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There is one series and it seems pretty much easy to check either it is divergent or convergent but because of the complex denominator I am not able to get the solution by the certain convergent tests. Here is the question;

$$\sum _{k=0}^{\infty} \left [ (-1)^{k}(2k)!\left(\frac {1} {(i+a)^{2k+1}}-\frac {1} {(-i+a)^{2k+1}}\right) \right ]$$

Does anyone have an idea about this either it is convergent or divergent? a could be any number, for large k it seems it diverges but need a way to prove it? By comperition we could get rid of from $(2n)!$ but I do not know how to compare these complex donominators.

Thank you...

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If we had either of those fractions multiplied by $(-1)^k(2k)!$, it would be easy to show by the ratio test that it diverges. With both of them together it's subtler. – Michael Hardy Apr 9 '12 at 17:05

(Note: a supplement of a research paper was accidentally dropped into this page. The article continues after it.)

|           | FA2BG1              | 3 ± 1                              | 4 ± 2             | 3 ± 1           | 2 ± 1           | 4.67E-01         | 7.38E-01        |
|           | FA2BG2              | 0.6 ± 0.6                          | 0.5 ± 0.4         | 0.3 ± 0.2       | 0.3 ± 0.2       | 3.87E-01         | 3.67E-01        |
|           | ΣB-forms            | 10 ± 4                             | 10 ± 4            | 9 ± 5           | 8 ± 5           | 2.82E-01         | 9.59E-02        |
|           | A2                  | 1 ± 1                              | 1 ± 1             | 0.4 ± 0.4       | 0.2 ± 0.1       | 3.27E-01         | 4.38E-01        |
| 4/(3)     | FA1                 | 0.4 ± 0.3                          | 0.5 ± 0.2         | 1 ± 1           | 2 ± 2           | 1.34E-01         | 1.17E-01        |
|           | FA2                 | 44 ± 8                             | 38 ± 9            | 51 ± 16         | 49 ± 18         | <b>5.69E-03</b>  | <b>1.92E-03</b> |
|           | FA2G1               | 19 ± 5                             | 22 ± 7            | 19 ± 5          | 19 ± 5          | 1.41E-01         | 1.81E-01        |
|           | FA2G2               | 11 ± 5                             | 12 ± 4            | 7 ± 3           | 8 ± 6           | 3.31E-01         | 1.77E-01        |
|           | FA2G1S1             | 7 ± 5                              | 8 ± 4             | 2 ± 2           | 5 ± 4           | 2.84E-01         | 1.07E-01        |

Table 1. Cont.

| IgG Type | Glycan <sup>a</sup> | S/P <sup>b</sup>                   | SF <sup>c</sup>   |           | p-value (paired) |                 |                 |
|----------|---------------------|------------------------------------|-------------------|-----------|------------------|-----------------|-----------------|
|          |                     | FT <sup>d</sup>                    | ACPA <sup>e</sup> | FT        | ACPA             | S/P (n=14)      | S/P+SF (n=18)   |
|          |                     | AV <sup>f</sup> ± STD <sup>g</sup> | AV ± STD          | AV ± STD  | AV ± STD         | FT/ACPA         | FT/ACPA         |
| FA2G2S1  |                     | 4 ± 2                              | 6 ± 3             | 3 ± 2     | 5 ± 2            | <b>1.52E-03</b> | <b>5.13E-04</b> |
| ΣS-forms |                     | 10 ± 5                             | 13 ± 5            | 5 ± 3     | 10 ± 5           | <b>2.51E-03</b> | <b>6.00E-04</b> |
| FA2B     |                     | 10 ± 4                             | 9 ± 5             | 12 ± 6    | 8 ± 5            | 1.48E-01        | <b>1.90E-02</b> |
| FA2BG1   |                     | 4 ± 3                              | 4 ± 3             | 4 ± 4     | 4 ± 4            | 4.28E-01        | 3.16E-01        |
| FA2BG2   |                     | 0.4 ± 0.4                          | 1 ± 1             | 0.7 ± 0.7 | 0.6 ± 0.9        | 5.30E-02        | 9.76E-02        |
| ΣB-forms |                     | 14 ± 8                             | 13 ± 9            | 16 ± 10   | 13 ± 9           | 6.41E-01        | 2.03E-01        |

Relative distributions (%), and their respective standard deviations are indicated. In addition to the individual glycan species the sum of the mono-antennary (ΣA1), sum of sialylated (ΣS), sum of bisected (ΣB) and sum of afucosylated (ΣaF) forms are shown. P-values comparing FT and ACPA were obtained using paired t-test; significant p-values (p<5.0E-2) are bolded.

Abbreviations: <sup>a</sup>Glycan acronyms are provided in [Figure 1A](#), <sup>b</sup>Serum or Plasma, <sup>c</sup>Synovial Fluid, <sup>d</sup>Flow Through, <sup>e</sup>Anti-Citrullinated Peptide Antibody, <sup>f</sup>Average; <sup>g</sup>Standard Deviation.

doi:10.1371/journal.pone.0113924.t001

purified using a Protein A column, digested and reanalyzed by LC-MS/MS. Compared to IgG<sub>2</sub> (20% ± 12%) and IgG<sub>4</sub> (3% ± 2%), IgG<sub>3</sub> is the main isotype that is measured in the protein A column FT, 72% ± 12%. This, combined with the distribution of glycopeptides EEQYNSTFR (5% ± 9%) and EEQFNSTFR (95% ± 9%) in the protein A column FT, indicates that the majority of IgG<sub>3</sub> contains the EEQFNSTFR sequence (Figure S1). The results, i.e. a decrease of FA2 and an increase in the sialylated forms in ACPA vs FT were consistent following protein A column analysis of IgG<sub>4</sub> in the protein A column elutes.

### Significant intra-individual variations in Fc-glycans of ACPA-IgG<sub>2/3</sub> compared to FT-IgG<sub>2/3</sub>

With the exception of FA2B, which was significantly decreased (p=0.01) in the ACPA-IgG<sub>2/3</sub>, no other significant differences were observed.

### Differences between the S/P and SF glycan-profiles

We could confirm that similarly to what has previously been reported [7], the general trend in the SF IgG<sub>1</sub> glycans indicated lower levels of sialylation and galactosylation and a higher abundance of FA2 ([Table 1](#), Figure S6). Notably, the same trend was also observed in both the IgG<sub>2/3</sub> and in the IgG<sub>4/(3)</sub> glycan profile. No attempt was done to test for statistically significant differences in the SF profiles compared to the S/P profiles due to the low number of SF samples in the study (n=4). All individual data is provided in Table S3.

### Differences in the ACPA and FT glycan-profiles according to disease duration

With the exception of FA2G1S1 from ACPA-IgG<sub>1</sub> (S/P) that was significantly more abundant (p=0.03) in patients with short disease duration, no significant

Defacing your questions is quite frowned upon; please don't do this. – arjafi Mar 27 '13 at 10:34

This might help:

$$\frac {1} {(i+a)^{2k+1}}-\frac {1} {(-i+a)^{2k+1}}$$ $$= \frac {(a-i)^{2k+1}} {(a^2-i^2)^{2k+1}} - \frac {(a+i)^{2k+1}} {(a^2-i^2)^{2k+1}}$$ $$= \frac {(a-i)^{2k+1}-(a+i)^{2k+1}} {(a^2+1)^{2k+1}} $$

which, for real $a$, looks imaginary to me. It also looks as if it tends to shrink more slowly than $(2k)!$ increases, but you might want to check that.

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If $a$ is real then the difference is of the form $1/w - 1/\overline{w} = \frac{\overline{w}-w}{|w|^2}$ which is obviously purely imaginary. – user20266 Apr 9 '12 at 17:12

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